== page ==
Principal payments will amount to Sh27.1 billion.

At the beginning of the week, the IMF approved debt payment relief to 25 poor member countries, even as it emerged that Kenya and other countries that have been borrowing expensively from the open market will have to wait longer for much-needed waivers.

In a move to address the crippling effects of the coronavirus pandemic, the IMF’s Executive Board, its highest decision-making organ, immediately put the debt service for the poorest countries on ice for at least six months.

Pension funds

However, Kenya, classified as a middle-income country, will have to wait longer. The headache for policymakers negotiating he restructuring of Kenya’s debt mix is the domination of commercial loans given by pension funds and other private investors.

Ideally, faced with this situation, Kenya would have borrowed by either issuing another sovereign bond or borrowing from a group of banks to repay the private sector loans, but times are different.

Global financial markets have nearly collapsed. Revenues are also doing badly as the economy comes to a standstill. Kenya became hooked to the expensive loans after it re-evaluated its economy in 2015 and became a middle-income country.

As a result, the country found itself missing out on cheap loans from institutions such as the World Bank and the IMF, as these are preserved for least developed countries.

While the expensive loans from banks and international capital markets have led to more roads, bridges, airports and railways, the economic returns from thede infrastructure have not come in as fast as repayment dates.

According to an IMF source close to the ongoing debt restructuring who did not want their name revealed as they are not authorised to speak to the press, discussion on a moratorium on commercial loans was not clear.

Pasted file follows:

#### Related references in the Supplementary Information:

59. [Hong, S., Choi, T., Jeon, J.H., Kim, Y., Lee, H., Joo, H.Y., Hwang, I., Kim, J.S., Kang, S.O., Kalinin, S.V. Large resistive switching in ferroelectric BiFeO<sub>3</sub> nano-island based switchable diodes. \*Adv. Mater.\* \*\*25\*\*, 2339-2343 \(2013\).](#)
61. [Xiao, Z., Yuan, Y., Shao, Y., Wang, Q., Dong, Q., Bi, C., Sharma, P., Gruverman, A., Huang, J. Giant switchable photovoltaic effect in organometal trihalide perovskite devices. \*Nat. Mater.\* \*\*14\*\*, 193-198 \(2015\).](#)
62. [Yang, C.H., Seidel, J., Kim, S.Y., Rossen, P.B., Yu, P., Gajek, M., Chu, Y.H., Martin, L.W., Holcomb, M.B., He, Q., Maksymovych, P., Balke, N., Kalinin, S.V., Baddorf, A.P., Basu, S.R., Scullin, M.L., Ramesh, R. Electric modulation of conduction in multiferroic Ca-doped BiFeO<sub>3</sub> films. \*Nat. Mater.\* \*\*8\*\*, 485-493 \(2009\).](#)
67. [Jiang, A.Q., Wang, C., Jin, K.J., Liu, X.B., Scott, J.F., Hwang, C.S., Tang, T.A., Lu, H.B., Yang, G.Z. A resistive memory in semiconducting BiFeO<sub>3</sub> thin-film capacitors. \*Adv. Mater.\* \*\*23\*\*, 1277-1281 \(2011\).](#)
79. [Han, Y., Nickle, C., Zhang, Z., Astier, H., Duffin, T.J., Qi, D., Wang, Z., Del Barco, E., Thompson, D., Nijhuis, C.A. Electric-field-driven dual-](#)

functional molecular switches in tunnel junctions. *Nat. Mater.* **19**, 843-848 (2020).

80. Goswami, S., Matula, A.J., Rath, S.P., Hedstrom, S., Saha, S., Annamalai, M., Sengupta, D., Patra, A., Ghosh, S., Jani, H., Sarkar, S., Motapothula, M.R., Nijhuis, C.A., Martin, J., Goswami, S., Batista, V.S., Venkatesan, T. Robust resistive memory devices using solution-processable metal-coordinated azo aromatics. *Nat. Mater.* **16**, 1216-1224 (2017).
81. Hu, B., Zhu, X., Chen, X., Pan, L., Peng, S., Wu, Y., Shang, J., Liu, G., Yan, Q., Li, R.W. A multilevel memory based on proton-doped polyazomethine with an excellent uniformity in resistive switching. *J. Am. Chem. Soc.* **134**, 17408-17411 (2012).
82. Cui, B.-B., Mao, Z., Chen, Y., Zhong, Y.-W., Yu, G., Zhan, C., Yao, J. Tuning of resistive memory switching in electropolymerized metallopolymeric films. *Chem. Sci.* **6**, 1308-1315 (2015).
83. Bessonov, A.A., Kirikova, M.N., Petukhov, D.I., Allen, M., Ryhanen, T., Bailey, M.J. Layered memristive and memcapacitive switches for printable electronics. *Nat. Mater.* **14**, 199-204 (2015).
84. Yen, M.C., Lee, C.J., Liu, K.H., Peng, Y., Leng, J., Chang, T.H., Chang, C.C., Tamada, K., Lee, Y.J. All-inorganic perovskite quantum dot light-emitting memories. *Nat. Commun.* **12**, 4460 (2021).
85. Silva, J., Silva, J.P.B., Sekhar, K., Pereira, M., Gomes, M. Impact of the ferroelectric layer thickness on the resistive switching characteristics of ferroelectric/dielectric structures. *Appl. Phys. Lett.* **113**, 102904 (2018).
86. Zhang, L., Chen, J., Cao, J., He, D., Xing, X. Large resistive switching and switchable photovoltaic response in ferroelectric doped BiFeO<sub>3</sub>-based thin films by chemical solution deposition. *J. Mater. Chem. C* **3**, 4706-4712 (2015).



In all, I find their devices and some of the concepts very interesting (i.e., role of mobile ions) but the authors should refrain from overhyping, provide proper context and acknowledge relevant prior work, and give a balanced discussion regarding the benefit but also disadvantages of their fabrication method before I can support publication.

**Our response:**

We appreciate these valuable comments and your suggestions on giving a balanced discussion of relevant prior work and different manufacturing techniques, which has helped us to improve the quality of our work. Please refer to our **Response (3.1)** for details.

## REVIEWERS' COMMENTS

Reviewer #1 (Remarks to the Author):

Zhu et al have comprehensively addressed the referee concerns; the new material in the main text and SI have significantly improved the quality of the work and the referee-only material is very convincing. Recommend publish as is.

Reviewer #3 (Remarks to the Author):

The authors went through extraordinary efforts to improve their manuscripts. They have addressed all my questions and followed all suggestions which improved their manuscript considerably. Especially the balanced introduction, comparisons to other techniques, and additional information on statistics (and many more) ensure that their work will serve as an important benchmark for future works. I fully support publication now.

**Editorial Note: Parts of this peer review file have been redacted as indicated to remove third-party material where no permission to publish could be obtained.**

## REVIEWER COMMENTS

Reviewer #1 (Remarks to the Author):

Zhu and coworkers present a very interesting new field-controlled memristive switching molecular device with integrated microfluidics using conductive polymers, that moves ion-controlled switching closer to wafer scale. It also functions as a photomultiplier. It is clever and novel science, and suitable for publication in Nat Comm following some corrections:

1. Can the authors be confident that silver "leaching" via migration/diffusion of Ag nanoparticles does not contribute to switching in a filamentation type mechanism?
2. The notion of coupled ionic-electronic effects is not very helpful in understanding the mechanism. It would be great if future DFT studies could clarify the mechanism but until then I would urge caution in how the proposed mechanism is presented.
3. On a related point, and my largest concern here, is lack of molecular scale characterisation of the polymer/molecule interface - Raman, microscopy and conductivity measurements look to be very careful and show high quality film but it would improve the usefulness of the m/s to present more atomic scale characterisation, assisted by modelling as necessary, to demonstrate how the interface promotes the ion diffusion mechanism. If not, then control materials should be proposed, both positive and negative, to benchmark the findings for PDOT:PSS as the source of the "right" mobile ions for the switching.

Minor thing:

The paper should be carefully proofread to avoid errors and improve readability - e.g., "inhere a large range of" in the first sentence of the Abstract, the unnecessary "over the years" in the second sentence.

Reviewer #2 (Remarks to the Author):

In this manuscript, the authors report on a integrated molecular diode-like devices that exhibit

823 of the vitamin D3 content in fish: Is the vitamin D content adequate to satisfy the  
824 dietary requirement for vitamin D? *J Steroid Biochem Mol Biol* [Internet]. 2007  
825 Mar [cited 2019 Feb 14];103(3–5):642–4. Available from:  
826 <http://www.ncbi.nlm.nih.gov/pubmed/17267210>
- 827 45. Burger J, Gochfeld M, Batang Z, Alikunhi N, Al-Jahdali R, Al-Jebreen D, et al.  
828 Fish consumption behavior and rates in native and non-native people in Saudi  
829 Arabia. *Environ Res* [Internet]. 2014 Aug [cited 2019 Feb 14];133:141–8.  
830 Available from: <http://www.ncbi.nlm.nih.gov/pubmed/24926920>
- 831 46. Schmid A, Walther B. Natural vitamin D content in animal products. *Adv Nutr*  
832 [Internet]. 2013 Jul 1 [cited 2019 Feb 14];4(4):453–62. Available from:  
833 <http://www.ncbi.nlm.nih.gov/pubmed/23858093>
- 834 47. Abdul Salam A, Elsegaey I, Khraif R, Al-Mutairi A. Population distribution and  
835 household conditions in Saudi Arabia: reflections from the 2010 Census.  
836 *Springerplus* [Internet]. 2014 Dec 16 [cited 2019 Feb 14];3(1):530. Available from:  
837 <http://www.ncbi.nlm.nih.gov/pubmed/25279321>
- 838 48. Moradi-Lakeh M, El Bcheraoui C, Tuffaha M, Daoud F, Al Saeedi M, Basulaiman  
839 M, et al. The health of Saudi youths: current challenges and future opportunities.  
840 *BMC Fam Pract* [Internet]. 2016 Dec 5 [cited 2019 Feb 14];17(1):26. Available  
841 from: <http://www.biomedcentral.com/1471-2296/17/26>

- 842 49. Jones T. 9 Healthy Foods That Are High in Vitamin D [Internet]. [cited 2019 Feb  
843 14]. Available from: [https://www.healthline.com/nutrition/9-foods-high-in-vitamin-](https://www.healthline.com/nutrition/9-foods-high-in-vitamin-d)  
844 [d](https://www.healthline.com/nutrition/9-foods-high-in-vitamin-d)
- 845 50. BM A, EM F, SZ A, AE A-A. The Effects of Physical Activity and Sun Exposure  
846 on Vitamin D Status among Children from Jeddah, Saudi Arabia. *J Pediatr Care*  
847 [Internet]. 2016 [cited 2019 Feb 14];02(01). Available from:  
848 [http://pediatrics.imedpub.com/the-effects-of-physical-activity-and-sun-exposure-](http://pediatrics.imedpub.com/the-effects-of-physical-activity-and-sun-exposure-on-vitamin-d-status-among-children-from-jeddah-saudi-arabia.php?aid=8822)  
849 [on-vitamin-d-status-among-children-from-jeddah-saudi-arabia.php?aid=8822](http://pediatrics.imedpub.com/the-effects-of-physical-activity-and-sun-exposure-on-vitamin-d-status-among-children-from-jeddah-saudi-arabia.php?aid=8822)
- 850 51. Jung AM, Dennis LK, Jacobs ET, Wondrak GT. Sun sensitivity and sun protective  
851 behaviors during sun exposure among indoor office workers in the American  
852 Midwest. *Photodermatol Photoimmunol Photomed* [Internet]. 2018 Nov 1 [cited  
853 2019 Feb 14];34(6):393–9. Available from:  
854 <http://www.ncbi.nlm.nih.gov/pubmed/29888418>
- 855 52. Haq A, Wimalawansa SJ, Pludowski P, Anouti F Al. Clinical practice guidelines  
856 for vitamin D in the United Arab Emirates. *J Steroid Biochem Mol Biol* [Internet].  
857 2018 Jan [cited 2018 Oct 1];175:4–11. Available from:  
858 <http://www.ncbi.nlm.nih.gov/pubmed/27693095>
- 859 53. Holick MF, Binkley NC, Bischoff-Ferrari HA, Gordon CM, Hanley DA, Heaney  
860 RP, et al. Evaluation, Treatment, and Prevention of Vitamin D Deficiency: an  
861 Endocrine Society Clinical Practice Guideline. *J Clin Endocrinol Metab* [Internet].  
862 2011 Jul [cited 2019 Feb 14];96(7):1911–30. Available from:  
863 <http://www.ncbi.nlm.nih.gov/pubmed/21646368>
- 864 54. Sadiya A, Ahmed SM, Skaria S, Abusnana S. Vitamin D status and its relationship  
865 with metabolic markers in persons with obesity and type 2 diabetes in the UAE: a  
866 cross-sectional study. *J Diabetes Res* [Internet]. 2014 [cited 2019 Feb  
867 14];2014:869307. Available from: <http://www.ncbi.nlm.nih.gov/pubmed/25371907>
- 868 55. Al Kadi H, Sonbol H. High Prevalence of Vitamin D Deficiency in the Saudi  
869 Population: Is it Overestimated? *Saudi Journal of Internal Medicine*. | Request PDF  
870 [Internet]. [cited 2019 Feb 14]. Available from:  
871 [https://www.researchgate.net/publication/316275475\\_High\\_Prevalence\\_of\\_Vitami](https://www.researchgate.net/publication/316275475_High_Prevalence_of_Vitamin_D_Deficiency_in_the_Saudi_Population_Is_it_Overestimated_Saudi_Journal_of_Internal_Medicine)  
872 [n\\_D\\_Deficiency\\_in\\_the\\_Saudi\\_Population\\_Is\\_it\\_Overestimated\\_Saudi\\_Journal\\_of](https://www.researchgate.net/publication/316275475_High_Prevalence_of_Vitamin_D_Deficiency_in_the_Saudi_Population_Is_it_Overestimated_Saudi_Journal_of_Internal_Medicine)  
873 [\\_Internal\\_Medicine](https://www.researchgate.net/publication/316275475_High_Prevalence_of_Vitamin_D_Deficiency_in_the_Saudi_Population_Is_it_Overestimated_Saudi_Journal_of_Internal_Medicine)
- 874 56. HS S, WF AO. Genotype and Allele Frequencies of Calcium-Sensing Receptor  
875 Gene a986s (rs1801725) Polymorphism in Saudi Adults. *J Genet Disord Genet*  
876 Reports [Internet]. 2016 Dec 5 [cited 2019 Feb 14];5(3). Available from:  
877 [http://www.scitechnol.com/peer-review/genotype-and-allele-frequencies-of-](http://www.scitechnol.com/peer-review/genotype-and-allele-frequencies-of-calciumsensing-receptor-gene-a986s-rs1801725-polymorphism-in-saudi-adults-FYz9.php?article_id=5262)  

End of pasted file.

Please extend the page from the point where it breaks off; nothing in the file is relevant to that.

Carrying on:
Kenya has been pushing for debt relief to free up cash to boost its health system and cushion citizens from the adverse effects of the pandemic.

President Uhuru Kenyatta, in his address to the nation on Thursday, alluded to the suspension of the debt service by rich countries as one of the means to help with economic recovery.

“The countries with the largest economies in the world are in discussion with ourselves on the issue of suspension of debt in order to allow countries to be able to spend more in combating this pandemic,” he said, noting that the money would also be used in economic recovery efforts.

The source at the IMF said discussions on commercial loans – extended at market rates, including Eurobonds and syndicated loans – are far from being finalised.

“For commercial loans, I can’t say which mechanism is being used. What is clearer is the bilateral borrowing,” said the source.

The World Bank has said the debt moratorium from rich countri es would immediately inject liquidity and enlarge the fiscal space for governments.

“A debt moratorium granted by official creditors to Angola represents $4.1 billion (four per cent of GDP), while the resources released for Kenya would total $675 million (0.8 per cent of GDP) if the suspension of debt payments comes from official bilateral creditors,” said the global lender in its Africa’s Pulse report released last week.